person exhales, sneezes, or coughs
Range 12-23 days Commonly
14-18 days
-Cold-like symptoms, swollen and tender glands at the back of the neck,
fever, changeable pink rash on face and chest
Yes
Seven days after onset of rash
Yes, within one work day
-Vaccine available and required7
-Pregnant women who have been exposed should consult their physician
Salmonellosis
-Eating fecally-contaminated food or drinking fecally contaminated water,
-Having close contact with an infected person
Range 6-72 hours
Commonly 12-36 hours
-Fever, abdominal pain, diarrhea
Yes
Diarrhea free5 and fever free6
Yes
-Teach effective handwashing*
Scabies
-Touching infected person’s skin, body fluid or a contaminated surface
First infection: Range 2-6
weeks First infection: Range
2-6 weeks
-Small, raised and red bumps or blisters on skin with severe itching, often on
thighs, arms, and webs of fingers
Yes
Treatment has begun
No
-Teach importance of not sharing clothing
-Can have rash and itching after treatment but will subside
Shigellosis
-Eating fecally-contaminated food, drinking fecally-contaminated water or
having close contact with an infected person
Range 1-7 days
Commonly 2-3 days
-Fever, vomiting, diarrhea, which can be bloody
Yes
Diarrhea free5 and fever free6
Yes
-Teach effective handwashing*
-Can spread quickly in childcare facilities
Shingles
-Contact with fluid from blisters either directly or on objects recently in contact with the rash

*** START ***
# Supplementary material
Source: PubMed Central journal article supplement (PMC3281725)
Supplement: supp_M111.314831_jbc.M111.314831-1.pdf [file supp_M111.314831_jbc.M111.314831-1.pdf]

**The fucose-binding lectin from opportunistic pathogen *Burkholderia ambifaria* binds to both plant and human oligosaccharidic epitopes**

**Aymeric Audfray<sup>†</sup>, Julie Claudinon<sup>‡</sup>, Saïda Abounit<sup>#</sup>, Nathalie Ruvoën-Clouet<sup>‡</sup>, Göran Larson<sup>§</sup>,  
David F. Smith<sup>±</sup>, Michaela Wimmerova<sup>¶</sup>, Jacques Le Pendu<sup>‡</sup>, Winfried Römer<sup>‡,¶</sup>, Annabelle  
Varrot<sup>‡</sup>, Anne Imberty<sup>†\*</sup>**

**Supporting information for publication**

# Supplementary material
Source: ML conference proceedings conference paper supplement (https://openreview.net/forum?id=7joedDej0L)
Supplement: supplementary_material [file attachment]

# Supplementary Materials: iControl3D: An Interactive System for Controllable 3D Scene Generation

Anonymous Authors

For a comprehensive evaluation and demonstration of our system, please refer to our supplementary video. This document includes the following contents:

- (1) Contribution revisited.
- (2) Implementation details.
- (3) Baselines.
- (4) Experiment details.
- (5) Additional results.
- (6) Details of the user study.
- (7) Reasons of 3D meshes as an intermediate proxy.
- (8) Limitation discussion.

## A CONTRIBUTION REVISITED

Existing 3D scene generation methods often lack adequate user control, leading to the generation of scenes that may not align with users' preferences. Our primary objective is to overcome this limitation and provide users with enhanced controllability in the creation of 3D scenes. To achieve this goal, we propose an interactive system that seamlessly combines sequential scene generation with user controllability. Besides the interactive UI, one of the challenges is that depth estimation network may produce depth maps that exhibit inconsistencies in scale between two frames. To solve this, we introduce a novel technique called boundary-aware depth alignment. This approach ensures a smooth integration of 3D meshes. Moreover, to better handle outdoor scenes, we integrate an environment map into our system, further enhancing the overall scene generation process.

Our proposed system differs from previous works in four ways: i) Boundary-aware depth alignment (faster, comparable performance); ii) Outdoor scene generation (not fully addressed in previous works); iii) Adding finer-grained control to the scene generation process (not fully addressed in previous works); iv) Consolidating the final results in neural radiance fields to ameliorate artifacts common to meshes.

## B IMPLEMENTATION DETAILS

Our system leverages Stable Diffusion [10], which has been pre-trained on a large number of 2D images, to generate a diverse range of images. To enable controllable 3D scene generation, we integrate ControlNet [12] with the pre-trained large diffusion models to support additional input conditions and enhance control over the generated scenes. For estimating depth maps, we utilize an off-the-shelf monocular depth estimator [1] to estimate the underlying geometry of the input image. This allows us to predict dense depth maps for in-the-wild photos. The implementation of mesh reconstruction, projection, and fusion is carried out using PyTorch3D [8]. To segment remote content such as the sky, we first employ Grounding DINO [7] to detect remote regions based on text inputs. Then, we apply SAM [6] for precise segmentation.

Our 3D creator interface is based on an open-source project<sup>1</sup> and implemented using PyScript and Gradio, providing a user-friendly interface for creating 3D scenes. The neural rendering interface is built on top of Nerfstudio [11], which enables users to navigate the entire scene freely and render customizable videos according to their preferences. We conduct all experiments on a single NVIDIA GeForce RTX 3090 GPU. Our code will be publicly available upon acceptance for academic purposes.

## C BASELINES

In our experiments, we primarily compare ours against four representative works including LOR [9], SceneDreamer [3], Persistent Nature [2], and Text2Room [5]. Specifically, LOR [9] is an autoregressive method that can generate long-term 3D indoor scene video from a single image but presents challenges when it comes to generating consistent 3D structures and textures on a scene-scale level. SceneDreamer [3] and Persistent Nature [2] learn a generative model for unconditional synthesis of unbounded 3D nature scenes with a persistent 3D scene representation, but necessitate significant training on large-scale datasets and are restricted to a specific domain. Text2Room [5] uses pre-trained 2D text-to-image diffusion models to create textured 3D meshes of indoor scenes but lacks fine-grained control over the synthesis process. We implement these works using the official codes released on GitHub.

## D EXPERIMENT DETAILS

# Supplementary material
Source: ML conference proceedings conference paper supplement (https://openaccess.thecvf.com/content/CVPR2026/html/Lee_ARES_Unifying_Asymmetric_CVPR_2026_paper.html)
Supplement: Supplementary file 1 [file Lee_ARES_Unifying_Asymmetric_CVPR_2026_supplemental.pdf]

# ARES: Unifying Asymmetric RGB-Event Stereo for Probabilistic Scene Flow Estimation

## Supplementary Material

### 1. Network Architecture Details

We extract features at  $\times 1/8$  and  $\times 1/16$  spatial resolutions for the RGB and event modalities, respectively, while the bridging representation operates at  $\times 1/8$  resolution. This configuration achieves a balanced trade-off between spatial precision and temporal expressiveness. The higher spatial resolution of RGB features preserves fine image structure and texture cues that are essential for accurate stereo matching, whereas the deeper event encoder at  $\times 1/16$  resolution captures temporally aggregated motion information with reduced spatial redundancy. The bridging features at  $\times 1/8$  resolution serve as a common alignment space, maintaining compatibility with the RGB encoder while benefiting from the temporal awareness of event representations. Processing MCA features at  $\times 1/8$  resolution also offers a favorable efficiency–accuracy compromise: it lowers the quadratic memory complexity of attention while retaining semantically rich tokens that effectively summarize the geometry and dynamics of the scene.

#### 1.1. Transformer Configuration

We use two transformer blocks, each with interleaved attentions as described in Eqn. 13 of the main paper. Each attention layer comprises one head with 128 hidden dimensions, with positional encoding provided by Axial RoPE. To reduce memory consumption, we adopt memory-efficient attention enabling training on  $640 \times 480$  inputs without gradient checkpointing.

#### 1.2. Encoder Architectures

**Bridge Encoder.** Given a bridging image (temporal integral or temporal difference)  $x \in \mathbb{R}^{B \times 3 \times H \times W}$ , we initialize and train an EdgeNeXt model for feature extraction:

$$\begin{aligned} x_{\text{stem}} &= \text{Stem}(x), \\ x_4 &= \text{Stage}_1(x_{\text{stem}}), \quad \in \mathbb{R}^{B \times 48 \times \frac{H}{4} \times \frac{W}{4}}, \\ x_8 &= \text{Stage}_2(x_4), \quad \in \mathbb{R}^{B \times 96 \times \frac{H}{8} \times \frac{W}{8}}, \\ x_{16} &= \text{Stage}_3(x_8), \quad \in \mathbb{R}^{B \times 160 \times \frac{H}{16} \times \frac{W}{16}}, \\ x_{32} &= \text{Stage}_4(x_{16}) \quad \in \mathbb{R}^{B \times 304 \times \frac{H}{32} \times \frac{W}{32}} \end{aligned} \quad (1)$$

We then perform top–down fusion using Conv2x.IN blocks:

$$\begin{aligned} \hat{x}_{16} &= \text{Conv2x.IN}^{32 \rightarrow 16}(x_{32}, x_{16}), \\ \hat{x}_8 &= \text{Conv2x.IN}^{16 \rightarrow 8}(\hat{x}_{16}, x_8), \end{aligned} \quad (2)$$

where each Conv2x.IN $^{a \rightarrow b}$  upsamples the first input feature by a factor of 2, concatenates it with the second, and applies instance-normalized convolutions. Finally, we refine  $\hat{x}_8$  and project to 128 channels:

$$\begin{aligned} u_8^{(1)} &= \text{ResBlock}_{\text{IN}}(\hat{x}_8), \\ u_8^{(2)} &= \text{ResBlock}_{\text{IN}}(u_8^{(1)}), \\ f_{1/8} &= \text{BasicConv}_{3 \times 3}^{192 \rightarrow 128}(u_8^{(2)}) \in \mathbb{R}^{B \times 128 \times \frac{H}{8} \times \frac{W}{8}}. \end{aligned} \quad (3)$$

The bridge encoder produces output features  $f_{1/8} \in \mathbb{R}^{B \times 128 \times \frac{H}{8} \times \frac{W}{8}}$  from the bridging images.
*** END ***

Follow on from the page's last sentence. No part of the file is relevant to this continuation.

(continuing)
Variable, often activated by
aging, stress, or weakened
immune system. Only occurs
in people who have previously
had chickenpox
-Area of skin, usually on one side of the face or body, has tingling or pain followed by a rash that may include fluid filled blisters
-The blisters scab over in 7–10 days
Lesions are dry or can be covered
No
-Contact with the shingles rash can cause chickenpox in a child that has not had chickenpox
-Shingles vaccine is available for persons 50 years and older
Sinus Infection
-Can follow an infectious condition, such as a cold, but not contagious
Variable
-Fever, headache, greenish to yellowish mucus for more than one week
No, unless fever
Fever free6
No
-Antibiotics are indicated only for long-lasting or severe sinus infections
Streptococcal Sore Throat
and Scarlet Fever
-Direct contact with respiratory secretions from an infected person -Breathing in respiratory droplets containing the pathogen after an infected person
exhales, sneezes, or coughs
Range 1-3 days
-Fever, sore throat, often with large, tender lymph nodes in neck
-Scarlet fever-producing strains of bacteria cause a fine, red rash that appears
1-3 days after onset of sore throat
Yes
Effective antibiotic treatment for 24
hours and fever free6
No